A project by Benjamin Charles Germain Lee as part of the 2020 Innovator in Residence Program at the Library of Congress.


Q: What is Newspaper Navigator?
A: Newspaper Navigator is a project being carried out by Benjamin (Ben) Charles Germain Lee as part of the Innovator in Residence Program at the Library of Congress. The goals of Newspaper Navigator are 1) to extract visual content from 16+ million pages of digitized historic American newspapers in Chronicling America and 2) re-imagine how you, members of the American public, can search the visual content using machine learning techniques. The first phase (extracting the visual content) was completed in April, 2020, and resulted in the full Newspaper Navigator dataset (more info below). The second phase of Newspaper Navigator consists of the application that you are currently using! The Library of Congress believes that the newspapers in Chronicling America are in the public domain or have no known copyright restrictions. Further rights and reproductions information about the collection can be found on the Chronicling America website. Essentially, newspapers published more than 95 years ago are in the public domain in their entirety. Any newspapers published less than 95 years ago could have copyrighted third party materials such as images (advertisements and comics especially!). If you plan to use images from Newspaper Navigator that are less than 95 years old, it is your responsibility to make an independent legal assessment of the item and secure any necessary permissions. When viewing an image, you can select the "learn about this newspaper" button for further information on the newspaper publisher.
Q: What is Chronicling America?
A: Chronicling America is a database of 16+ million digitized historic newspapers, all of which are in the public domain. It is a product of the National Digital Newspaper Program, itself a partnership of the Library of Congress and the National Endowment for the Humanities. You can learn more about Chronicling America here. In addition, you can find visualizations of Chronicling America here.
Q: What can I do with this Newspaper Navigator application?
A: This application enables you to search and explore historic newspaper photographs. You can search by keyword over the photos' captions (extracted from the OCR of each newspaper page), as well as search by visual similarity. The visual similarity search capability retrieves relevant photos by empowering you to train a machine learning algorithm by selecting photos that you are interested in. The application contains 1.56 million photos from the Newspaper Navigator dataset, consisting of all extracted photos in the dataset published between 1900 and 1963 with confidence scores above 90%. Advertisements are considered a separate category in the Newspaper Navigator dataset, but you may still find some advertisements using this application (the visual content recognition model was not 100% perfect at classifying visual content type, and there are also lots of advertisements that include photographs!).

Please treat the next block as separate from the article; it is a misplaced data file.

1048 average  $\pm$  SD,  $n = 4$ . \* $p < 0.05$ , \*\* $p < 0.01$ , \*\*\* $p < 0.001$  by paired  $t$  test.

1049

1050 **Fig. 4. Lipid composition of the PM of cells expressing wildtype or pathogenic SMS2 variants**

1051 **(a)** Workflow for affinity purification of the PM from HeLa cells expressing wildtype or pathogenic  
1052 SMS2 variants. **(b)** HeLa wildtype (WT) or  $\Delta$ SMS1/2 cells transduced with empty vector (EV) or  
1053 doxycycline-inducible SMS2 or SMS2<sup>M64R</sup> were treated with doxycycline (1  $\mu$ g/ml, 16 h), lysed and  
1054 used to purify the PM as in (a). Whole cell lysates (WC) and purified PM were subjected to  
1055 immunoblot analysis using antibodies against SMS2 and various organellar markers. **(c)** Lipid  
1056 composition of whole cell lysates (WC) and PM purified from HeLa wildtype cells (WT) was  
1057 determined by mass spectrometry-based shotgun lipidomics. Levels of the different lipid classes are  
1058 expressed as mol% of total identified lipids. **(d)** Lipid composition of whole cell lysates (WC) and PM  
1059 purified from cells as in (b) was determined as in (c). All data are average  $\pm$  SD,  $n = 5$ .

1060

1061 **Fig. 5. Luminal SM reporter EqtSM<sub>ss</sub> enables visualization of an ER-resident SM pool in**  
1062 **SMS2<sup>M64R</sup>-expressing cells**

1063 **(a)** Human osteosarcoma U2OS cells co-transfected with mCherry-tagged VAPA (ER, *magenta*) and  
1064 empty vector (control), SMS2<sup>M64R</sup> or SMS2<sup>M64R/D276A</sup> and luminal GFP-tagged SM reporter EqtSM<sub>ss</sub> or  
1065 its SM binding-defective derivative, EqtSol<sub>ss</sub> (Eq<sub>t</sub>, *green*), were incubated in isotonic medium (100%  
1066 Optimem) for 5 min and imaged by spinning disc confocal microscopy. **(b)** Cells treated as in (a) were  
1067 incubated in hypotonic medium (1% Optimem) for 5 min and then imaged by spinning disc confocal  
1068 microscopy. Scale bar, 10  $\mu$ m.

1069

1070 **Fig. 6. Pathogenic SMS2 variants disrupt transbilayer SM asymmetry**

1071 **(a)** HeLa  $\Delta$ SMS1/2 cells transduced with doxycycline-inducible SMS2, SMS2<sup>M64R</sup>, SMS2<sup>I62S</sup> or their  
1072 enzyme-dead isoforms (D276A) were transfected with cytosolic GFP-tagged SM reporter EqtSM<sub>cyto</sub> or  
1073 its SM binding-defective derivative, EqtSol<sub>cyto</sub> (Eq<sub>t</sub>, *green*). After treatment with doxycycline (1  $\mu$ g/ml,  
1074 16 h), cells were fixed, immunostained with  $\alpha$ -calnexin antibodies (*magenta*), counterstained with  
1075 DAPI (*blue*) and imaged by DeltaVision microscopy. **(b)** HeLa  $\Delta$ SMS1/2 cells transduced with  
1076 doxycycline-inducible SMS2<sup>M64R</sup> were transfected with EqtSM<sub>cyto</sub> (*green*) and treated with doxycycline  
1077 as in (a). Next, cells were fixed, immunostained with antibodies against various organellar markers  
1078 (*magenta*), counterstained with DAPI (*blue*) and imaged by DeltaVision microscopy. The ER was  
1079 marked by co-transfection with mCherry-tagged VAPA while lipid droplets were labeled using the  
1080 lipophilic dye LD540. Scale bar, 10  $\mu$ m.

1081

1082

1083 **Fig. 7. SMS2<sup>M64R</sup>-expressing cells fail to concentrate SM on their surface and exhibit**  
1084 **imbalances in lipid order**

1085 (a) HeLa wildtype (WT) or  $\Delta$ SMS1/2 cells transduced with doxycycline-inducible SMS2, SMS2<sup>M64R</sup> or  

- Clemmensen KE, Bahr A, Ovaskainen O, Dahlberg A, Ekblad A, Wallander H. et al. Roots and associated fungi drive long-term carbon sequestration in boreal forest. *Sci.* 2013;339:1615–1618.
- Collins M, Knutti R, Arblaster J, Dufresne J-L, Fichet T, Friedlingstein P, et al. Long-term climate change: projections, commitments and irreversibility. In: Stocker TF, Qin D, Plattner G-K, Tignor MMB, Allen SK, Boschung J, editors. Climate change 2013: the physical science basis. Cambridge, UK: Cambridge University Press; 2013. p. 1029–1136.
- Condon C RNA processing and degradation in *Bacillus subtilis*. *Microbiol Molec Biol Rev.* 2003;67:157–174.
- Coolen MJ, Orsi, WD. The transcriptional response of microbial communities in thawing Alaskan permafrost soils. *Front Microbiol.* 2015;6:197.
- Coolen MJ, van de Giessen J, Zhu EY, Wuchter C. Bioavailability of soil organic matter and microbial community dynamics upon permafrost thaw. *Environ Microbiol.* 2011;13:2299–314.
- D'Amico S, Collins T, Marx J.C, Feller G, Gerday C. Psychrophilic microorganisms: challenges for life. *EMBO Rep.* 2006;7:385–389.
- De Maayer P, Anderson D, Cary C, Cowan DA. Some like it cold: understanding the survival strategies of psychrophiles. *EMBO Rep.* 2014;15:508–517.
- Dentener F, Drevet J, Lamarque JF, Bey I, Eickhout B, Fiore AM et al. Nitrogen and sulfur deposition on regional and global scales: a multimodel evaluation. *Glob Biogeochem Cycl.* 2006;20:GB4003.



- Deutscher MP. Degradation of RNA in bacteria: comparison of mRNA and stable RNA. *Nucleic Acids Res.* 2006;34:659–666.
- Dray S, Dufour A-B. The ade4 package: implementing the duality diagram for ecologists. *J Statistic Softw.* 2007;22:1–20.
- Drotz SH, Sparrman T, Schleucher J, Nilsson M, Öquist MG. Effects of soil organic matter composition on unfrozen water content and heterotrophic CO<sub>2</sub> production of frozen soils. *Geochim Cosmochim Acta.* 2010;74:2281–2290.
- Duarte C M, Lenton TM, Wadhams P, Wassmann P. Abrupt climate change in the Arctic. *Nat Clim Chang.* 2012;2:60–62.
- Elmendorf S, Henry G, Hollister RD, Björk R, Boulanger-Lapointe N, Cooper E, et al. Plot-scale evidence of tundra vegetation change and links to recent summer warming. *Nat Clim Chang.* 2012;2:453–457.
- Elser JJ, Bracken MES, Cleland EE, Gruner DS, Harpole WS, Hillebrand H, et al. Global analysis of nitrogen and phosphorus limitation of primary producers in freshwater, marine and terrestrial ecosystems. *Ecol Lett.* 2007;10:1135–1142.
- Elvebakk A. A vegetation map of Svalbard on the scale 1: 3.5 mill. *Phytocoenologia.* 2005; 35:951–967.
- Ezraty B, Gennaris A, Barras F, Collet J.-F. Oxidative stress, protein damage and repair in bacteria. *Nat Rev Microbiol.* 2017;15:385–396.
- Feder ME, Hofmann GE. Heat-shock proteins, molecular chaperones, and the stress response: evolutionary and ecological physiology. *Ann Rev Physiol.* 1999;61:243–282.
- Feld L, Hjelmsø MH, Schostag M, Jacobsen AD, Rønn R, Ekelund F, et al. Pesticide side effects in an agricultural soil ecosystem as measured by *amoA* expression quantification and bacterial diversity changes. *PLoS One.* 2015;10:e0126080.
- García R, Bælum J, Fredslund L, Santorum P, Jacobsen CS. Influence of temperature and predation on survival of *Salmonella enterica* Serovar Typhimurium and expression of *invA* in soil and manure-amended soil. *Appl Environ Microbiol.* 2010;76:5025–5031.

Q: Where can I learn more about the Newspaper Navigator dataset?
A: You can find the full Newspaper Navigator dataset here, along with instructions documenting how to query the dataset using HTTPS and S3 requests, as well as how to download pre-packaged subsets of the dataset. In addition, a whitepaper describing the dataset and its construction can be found here. To learn more about the ways in which machine learning affects discoverability of photos in the dataset, see the data archaeology here. Lastly, we hosted a data jam on May 7, 2020. The full archived recording can be found here. The recording includes a presentation on the dataset, a tutorial for how to use it, and a show-and-tell of projects created by participants.
Q: How does the visual search capability provided by Newspaper Navigator work?
A: The visual search capability behind Newspaper Navigator is powered by a machine learning algorithm that learns from the selections that you make and returns images that are visually similar to your selections. In the language of machine learning, your positive and negative selections are training data for the algorithm. The Newspaper Navigator visual search function is powered by image embeddings. An image embedding is a low-dimensional representation of an image, often a list of a few hundred or a few thousand numbers, that captures much of the image’s semantic content. Image embeddings are typically generated by feeding an image into a pre-trained neural image classification model (i.e., a model that takes in an image and outputs a label of "dog" or "cat") and extracting a representation of the image from one of the model’s hidden layers. The Newspaper Navigator dataset contains ResNet-18 image embeddings for all of the photos (ResNet refers to a specific image classification model architecture). The system trains a machine learner on the fly using the embeddings for your positive and negative examples (as well as some additional randomly-drawn negative examples). The machine learner then predicts over all 1.56 million photos, and the results are sorted according to prediction score. Because the ResNet-18 image embeddings are low-dimensional (512 dimensions to be precise), training and predicting over all 1.56 million photos takes only seconds.
Q: Machine learning has a fraught history of perpetuating marginalization. Have you studied or audited your system from the perspective of algorithmic bias?
A: This question is incredibly important. If you navigate to this link (also linked to on the main menu), you will find a paper discussing the ways in which Newspaper Navigator mediates the discoverability of newspaper photos, with a particular focus on algorithmic bias. In this writing, which I call a "data archaeology," I trace the journeys of four newspaper photos of W.E.B. Du Bois as they travel through the Chronicling America and Newspaper Navigator pipelines as a case study. If you would like to discuss this data archaeology or have any questions regarding machine learning and how it perpetuates marginalization, please feel free to email me at [email protected] or contact me on Twitter (my email account will be de-activated in the coming months).